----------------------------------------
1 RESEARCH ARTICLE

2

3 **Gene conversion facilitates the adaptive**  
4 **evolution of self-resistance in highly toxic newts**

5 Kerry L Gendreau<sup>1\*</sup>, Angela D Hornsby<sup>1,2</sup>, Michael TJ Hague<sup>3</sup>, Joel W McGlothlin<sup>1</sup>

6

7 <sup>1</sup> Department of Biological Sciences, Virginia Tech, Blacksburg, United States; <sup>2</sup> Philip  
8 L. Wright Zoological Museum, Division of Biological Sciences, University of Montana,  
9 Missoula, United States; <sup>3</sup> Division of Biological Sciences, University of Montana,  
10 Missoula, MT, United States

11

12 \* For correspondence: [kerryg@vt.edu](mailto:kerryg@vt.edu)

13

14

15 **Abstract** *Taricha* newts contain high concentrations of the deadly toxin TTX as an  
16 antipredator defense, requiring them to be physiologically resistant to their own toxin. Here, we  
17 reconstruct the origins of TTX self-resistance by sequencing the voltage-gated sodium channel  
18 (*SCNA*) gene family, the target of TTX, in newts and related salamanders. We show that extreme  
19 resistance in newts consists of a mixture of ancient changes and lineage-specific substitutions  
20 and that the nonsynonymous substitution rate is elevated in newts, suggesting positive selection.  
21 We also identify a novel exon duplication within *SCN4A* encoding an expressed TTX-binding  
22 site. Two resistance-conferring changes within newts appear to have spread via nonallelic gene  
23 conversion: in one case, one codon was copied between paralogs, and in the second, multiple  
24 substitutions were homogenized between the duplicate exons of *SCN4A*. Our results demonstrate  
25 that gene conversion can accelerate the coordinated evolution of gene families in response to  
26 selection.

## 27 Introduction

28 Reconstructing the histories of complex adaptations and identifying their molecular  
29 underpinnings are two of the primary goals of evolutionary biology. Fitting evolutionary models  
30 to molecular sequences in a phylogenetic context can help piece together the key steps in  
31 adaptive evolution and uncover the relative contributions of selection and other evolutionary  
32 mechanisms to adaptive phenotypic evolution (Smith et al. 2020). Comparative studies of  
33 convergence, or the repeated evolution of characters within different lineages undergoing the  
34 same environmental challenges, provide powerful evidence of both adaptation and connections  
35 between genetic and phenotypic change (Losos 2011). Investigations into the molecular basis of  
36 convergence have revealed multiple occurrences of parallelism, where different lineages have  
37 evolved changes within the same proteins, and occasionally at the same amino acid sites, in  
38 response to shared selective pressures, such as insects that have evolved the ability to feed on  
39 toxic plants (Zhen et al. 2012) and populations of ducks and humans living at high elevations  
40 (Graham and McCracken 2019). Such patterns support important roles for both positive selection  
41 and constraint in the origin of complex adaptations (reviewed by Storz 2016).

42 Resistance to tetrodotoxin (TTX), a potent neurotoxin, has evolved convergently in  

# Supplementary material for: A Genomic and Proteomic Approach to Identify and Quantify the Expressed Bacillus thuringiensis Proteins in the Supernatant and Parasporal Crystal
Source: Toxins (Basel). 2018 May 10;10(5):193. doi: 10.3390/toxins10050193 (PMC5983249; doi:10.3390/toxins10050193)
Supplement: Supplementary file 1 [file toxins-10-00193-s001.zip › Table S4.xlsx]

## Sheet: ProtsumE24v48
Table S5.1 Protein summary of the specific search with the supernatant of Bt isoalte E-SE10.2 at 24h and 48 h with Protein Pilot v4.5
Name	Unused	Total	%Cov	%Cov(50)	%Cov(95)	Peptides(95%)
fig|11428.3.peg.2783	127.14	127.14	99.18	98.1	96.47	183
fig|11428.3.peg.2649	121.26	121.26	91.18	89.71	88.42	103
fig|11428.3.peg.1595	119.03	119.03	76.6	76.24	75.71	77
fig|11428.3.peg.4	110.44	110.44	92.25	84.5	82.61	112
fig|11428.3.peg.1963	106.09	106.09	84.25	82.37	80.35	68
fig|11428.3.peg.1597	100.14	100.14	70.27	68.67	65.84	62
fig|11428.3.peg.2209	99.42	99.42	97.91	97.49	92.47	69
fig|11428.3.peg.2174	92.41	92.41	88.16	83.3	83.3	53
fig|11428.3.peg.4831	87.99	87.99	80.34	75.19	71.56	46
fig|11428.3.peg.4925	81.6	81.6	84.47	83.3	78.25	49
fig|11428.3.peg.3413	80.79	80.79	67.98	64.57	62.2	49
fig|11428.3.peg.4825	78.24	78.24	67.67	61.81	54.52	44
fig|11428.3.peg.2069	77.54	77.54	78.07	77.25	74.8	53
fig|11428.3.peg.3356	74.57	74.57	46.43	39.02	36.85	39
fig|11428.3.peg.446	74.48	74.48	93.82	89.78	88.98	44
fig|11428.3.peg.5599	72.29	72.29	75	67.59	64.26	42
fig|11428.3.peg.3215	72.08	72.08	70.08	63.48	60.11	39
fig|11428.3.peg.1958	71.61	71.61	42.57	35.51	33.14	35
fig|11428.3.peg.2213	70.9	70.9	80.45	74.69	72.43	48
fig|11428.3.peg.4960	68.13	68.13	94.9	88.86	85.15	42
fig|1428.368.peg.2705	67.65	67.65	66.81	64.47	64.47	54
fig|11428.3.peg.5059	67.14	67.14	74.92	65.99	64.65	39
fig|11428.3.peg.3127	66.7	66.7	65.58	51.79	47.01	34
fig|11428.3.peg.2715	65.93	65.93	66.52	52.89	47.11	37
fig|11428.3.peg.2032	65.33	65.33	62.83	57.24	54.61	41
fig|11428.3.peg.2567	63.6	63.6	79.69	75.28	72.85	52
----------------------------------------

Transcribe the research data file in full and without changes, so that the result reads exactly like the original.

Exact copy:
1 RESEARCH ARTICLE

2

3 **Gene conversion facilitates the adaptive**  
4 **evolution of self-resistance in highly toxic newts**

5 Kerry L Gendreau<sup>1\*</sup>, Angela D Hornsby<sup>1,2</sup>, Michael TJ Hague<sup>3</sup>, Joel W McGlothlin<sup>1</sup>

6

7 <sup>1</sup> Department of Biological Sciences, Virginia Tech, Blacksburg, United States; <sup>2</sup> Philip  
8 L. Wright Zoological Museum, Division of Biological Sciences, University of Montana,  
9 Missoula, United States; <sup>3</sup> Division of Biological Sciences, University of Montana,  
10 Missoula, MT, United States

11

12 \* For correspondence: [kerryg@vt.edu](mailto:kerryg@vt.edu)

13

14

15 **Abstract** *Taricha* newts contain high concentrations of the deadly toxin TTX as an  
16 antipredator defense, requiring them to be physiologically resistant to their own toxin. Here, we  
17 reconstruct the origins of TTX self-resistance by sequencing the voltage-gated sodium channel  
18 (*SCNA*) gene family, the target of TTX, in newts and related salamanders. We show that extreme  
19 resistance in newts consists of a mixture of ancient changes and lineage-specific substitutions  
20 and that the nonsynonymous substitution rate is elevated in newts, suggesting positive selection.  
21 We also identify a novel exon duplication within *SCN4A* encoding an expressed TTX-binding  
22 site. Two resistance-conferring changes within newts appear to have spread via nonallelic gene  
23 conversion: in one case, one codon was copied between paralogs, and in the second, multiple  
24 substitutions were homogenized between the duplicate exons of *SCN4A*. Our results demonstrate  
25 that gene conversion can accelerate the coordinated evolution of gene families in response to  
26 selection.

## 27 Introduction

28 Reconstructing the histories of complex adaptations and identifying their molecular  
29 underpinnings are two of the primary goals of evolutionary biology. Fitting evolutionary models  
30 to molecular sequences in a phylogenetic context can help piece together the key steps in  
31 adaptive evolution and uncover the relative contributions of selection and other evolutionary  
32 mechanisms to adaptive phenotypic evolution (Smith et al. 2020). Comparative studies of  
33 convergence, or the repeated evolution of characters within different lineages undergoing the  
34 same environmental challenges, provide powerful evidence of both adaptation and connections  
35 between genetic and phenotypic change (Losos 2011). Investigations into the molecular basis of  
36 convergence have revealed multiple occurrences of parallelism, where different lineages have  
37 evolved changes within the same proteins, and occasionally at the same amino acid sites, in  
38 response to shared selective pressures, such as insects that have evolved the ability to feed on  
39 toxic plants (Zhen et al. 2012) and populations of ducks and humans living at high elevations  
40 (Graham and McCracken 2019). Such patterns support important roles for both positive selection  
41 and constraint in the origin of complex adaptations (reviewed by Storz 2016).

42 Resistance to tetrodotoxin (TTX), a potent neurotoxin, has evolved convergently in  

# Supplementary material for: A Genomic and Proteomic Approach to Identify and Quantify the Expressed Bacillus thuringiensis Proteins in the Supernatant and Parasporal Crystal
Source: Toxins (Basel). 2018 May 10;10(5):193. doi: 10.3390/toxins10050193 (PMC5983249; doi:10.3390/toxins10050193)
Supplement: Supplementary file 1 [file toxins-10-00193-s001.zip › Table S4.xlsx]

## Sheet: ProtsumE24v48
Table S5.1 Protein summary of the specific search with the supernatant of Bt isoalte E-SE10.2 at 24h and 48 h with Protein Pilot v4.5
Name	Unused	Total	%Cov	%Cov(50)	%Cov(95)	Peptides(95%)
fig|11428.3.peg.2783	127.14	127.14	99.18	98.1	96.47	183
fig|11428.3.peg.2649	121.26	121.26	91.18	89.71	88.42	103
fig|11428.3.peg.1595	119.03	119.03	76.6	76.24	75.71	77
fig|11428.3.peg.4	110.44	110.44	92.25	84.5	82.61	112
fig|11428.3.peg.1963	106.09	106.09	84.25	82.37	80.35	68
fig|11428.3.peg.1597	100.14	100.14	70.27	68.67	65.84	62
fig|11428.3.peg.2209	99.42	99.42	97.91	97.49	92.47	69
fig|11428.3.peg.2174	92.41	92.41	88.16	83.3	83.3	53
fig|11428.3.peg.4831	87.99	87.99	80.34	75.19	71.56	46
fig|11428.3.peg.4925	81.6	81.6	84.47	83.3	78.25	49
fig|11428.3.peg.3413	80.79	80.79	67.98	64.57	62.2	49
fig|11428.3.peg.4825	78.24	78.24	67.67	61.81	54.52	44
fig|11428.3.peg.2069	77.54	77.54	78.07	77.25	74.8	53
fig|11428.3.peg.3356	74.57	74.57	46.43	39.02	36.85	39
fig|11428.3.peg.446	74.48	74.48	93.82	89.78	88.98	44
fig|11428.3.peg.5599	72.29	72.29	75	67.59	64.26	42
fig|11428.3.peg.3215	72.08	72.08	70.08	63.48	60.11	39
fig|11428.3.peg.1958	71.61	71.61	42.57	35.51	33.14	35
fig|11428.3.peg.2213	70.9	70.9	80.45	74.69	72.43	48
fig|11428.3.peg.4960	68.13	68.13	94.9	88.86	85.15	42
fig|1428.368.peg.2705	67.65	67.65	66.81	64.47	64.47	54
fig|11428.3.peg.5059	67.14	67.14	74.92	65.99	64.65	39
fig|11428.3.peg.3127	66.7	66.7	65.58	51.79	47.01	34
fig|11428.3.peg.2715	65.93	65.93	66.52	52.89	47.11	37
fig|11428.3.peg.2032	65.33	65.33	62.83	57.24	54.61	41
fig|11428.3.peg.2567	63.6	63.6	79.69	75.28	72.85	52